- Apply to UW
- Programs & Majors
- Cost & Financial Aid
- Current Students
- UW Life
- About UW
There has been a few times lately when Andy Monson has spent the night on a small, uncomfortable-looking sofa at the Red Buttes Observatory (RBO) south of Laramie.
It's not because he's too cheap to pay his rent. It's because his work on a $1.5 million project funded mostly through a National Science Foundation (NSF) grant requires work in the middle of the night.
"That's where I slept last night," says Monson, pointing to the yellowish sofa that sits inside the control room of the observatory. "I usually go back into town, but I was just too tired to drive."
The off-and-on nights of sleep have been worth it, though.
Under the guidance of Mike Pierce, an associate professor in the University of Wyoming's Department of Physics and Astronomy, Monson has successfully built a test version of a 7-foot-long, 1,000-pound infrared camera that will be used to study the brightest stars in the night sky, study the birth process of stars and help calibrate the scale of the universe.
"When you look into the sky and you can't see anything, optically, that doesn't mean there isn't anything there," says Monson, a third-year UW graduate student from Mankato, Minn. "You're only seeing the tip of the iceberg without infrared."
"This is a project that's fallen through the cracks (in astronomy research)," says Pierce, who submitted a proposal to the NSF in 2004 to build the infrared camera system. With a proud smile, Pierce looks at Monson and adds, "I'm so proud of him."
Monson didn't just put together the 2-foot-long and 70-pound test camera, he also designed much of the software needed to control and monitor the temperature of the camera within the dewar, a type of vacuum flask cooled with liquid nitrogen to keep the inside at minus-200 degrees Celsius, or minus-328 Fahrenheit.
"It's been a great opportunity for me to learn everything about a camera. Most projects like this would usually entail, I can't even imagine how many people, graduate students, undergraduates, postdoctoral students, just a huge assortment of people with different backgrounds and technical skills," says Monson. "Being at a smaller university like this has given me the opportunity -- and responsibility -- to put this together largely by myself."
He adds, "I've had to overcome a lot of technical difficulties, but to put that all together has helped me learn a lot and learn to persevere. That's going to be a great advantage to me in the future, in the classroom and in the workplace."
Monson has also overcome more than a few awkward nights of sleep on a sofa that's seen better days.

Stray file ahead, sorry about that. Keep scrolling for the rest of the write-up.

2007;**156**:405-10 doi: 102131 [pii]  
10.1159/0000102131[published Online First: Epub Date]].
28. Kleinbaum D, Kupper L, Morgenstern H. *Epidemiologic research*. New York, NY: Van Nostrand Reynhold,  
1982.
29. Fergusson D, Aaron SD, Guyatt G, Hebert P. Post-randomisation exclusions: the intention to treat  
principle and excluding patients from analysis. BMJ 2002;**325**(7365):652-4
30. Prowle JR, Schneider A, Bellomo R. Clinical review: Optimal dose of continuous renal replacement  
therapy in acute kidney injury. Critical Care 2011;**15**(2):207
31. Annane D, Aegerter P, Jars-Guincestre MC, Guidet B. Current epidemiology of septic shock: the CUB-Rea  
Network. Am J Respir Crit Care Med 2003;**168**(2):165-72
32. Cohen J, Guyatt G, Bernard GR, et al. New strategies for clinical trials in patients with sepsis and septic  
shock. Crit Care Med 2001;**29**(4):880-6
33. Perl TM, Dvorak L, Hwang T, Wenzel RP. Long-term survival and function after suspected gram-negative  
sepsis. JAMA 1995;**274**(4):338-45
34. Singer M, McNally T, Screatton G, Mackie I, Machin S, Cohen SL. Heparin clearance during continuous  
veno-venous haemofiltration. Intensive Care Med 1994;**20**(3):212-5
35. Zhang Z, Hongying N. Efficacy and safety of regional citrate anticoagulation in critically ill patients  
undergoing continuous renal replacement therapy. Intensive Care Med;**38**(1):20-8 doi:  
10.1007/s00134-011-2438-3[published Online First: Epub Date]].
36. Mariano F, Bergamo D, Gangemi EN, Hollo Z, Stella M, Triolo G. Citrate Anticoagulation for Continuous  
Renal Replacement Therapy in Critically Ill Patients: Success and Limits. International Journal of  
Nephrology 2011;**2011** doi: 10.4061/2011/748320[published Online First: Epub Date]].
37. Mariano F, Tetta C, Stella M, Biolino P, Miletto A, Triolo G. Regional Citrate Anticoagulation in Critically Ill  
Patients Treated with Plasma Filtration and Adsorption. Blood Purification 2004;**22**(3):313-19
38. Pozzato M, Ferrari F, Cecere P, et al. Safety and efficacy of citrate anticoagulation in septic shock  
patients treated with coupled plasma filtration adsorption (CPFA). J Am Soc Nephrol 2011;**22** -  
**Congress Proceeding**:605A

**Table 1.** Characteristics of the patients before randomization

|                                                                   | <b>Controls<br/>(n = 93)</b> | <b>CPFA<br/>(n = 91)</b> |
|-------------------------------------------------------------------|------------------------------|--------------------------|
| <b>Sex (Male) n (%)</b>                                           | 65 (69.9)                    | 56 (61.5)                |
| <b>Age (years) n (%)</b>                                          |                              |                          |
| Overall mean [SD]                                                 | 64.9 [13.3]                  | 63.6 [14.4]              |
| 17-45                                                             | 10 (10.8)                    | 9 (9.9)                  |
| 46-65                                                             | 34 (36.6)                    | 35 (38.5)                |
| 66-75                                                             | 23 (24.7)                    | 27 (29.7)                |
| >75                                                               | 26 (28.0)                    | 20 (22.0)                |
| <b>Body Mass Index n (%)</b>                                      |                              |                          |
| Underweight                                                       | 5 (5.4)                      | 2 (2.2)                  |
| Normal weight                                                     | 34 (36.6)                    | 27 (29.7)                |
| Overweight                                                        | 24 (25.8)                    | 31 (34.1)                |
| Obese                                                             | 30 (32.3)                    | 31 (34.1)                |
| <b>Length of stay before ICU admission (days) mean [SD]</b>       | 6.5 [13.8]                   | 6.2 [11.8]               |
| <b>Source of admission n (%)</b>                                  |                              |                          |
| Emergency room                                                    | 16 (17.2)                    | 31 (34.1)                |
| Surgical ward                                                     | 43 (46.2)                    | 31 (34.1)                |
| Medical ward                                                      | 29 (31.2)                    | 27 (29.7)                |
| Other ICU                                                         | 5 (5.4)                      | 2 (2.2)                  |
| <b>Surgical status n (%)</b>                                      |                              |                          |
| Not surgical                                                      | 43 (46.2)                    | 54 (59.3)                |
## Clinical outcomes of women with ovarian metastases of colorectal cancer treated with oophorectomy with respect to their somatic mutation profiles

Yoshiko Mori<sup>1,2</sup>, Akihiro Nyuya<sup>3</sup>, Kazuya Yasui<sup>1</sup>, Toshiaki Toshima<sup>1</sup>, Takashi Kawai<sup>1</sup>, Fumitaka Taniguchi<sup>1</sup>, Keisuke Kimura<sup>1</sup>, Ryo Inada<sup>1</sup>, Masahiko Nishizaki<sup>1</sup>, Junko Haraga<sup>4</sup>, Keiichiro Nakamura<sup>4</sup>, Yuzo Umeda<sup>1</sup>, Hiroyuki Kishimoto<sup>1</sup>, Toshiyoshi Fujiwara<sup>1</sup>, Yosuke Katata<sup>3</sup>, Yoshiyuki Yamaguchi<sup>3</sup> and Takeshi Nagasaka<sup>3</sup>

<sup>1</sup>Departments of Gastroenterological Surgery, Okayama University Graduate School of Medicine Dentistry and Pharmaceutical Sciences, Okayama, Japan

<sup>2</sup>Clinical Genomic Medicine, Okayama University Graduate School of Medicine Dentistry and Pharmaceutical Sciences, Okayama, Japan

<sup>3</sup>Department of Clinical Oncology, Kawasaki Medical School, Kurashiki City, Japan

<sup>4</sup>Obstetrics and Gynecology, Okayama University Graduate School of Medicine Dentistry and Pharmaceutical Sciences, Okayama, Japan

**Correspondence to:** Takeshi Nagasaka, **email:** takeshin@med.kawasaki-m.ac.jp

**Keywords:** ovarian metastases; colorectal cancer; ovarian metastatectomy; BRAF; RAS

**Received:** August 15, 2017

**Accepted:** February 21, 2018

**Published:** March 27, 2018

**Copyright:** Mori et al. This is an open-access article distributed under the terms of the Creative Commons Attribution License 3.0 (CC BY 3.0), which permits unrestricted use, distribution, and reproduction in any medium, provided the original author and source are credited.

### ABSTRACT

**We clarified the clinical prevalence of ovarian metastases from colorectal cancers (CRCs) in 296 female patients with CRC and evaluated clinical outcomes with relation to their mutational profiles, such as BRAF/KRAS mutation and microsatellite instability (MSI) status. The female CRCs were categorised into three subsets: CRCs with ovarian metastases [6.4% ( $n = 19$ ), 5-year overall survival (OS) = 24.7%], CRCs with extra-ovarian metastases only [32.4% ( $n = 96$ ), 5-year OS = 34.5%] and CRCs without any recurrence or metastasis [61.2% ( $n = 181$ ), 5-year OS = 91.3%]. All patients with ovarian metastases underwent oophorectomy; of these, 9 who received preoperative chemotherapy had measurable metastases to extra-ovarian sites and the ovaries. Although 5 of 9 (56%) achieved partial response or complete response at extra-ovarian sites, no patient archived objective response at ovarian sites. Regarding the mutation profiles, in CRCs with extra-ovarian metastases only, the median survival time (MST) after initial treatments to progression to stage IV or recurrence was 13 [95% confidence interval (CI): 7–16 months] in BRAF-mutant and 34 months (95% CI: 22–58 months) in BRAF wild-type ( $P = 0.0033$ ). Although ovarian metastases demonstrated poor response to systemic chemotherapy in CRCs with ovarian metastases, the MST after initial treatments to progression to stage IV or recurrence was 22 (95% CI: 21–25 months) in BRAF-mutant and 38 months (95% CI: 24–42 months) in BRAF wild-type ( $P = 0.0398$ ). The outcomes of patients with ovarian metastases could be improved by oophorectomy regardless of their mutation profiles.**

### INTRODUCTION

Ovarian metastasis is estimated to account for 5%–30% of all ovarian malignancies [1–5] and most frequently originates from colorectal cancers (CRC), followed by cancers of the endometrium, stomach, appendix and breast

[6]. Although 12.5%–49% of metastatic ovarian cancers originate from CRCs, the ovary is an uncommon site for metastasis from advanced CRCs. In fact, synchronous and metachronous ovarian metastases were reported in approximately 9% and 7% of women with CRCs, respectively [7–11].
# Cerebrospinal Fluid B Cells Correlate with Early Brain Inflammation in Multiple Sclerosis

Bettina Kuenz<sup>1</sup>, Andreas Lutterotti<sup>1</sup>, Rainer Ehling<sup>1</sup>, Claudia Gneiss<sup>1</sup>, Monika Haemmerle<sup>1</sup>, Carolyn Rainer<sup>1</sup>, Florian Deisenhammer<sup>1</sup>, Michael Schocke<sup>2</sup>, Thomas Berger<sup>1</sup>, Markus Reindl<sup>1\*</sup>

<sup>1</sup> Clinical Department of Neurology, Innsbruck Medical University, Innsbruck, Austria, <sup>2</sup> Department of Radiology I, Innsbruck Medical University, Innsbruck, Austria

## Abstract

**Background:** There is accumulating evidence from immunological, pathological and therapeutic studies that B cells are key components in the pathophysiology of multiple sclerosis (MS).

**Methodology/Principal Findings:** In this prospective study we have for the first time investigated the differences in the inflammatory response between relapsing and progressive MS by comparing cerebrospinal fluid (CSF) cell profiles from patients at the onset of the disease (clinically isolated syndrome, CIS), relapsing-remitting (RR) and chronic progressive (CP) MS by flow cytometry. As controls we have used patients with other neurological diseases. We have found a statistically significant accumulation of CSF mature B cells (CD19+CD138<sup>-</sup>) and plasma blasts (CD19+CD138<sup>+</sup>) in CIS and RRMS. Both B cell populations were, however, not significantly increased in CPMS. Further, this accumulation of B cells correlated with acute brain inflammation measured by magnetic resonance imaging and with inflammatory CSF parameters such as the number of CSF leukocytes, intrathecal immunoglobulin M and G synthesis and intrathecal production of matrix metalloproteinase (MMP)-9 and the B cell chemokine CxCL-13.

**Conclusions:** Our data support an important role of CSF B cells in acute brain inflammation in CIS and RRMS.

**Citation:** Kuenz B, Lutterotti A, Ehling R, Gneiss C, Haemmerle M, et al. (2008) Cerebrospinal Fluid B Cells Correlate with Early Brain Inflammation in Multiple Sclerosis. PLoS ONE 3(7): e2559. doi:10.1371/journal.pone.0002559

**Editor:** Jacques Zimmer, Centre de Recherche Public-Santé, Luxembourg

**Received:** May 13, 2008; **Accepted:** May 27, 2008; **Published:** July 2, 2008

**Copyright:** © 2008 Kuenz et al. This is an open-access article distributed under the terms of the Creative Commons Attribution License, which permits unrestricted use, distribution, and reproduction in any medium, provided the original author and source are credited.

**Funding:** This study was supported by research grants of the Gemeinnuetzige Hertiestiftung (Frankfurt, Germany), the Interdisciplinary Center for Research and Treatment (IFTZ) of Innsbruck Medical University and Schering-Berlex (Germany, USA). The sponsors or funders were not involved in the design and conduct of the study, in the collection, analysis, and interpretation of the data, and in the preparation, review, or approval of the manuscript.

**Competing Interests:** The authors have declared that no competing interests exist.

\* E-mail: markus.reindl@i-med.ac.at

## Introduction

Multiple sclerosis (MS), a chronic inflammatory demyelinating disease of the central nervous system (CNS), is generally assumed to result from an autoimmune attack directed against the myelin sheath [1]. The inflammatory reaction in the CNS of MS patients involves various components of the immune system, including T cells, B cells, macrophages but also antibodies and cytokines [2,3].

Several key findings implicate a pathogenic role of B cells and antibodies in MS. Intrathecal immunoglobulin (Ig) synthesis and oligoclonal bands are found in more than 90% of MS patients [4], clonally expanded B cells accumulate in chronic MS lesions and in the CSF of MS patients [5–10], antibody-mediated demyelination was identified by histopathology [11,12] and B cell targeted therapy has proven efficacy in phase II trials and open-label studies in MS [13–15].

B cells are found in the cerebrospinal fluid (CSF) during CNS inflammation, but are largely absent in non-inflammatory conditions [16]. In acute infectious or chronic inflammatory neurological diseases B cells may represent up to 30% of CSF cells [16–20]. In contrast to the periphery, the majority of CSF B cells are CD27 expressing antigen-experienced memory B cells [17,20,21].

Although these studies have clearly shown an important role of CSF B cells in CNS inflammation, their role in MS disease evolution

"It is under five feet long, so I don't exactly fit on it. I usually sleep with my calves perched on the far armrest and with my legs inclined," says Monson. "I usually sleep good for about two or three hours before I curl up to one side or the other."
He adds, "I am glad I don't have to sleep there every night."
Recently, Monson presented a project description and status report while showing off the test camera at the American Astronomical Society's bi-annual meeting in Austin, Texas. The project was greeted with rave reviews by astronomers from across the country and Monson was a hot commodity among industry employers.
"Andy was approached by people who will be doing the systems integrations for the next space telescope and they were recommending that he apply for a job there," Pierce says. "I think this has been a really great opportunity for him, because he's sort of been forced to take on all these roles.
"But that makes him highly desirable," he adds. "Instead of just doing a small part of a big project, he's had to do a considerable amount of this on his own."
With the test camera now deemed a success, Monson plans to focus on gathering data for his thesis until it's time to construct the full-sized version of the camera.
That, says Pierce, is probably a year away. Among the parts on order are a quarter-million dollars worth of optics and the 1,000-pound camera shell that will make up the dewar vessel.
The camera, once completed, will become a popular piece of equipment, Pierce predicts.
The Astrophysical Research Consortium (ARC), which consists of researchers from seven universities -- including Johns Hopkins, Princeton and Washington -- has already expressed great interest, the professor says. The ARC plans to use the camera at its Apache Point Observatory in the Sacramento Mountains of New Mexico.
The camera will also be available for UW undergraduate and graduate research at the Wyoming Infrared Observatory (WIRO), located about 25 miles southwest of Laramie on Jelm Mountain.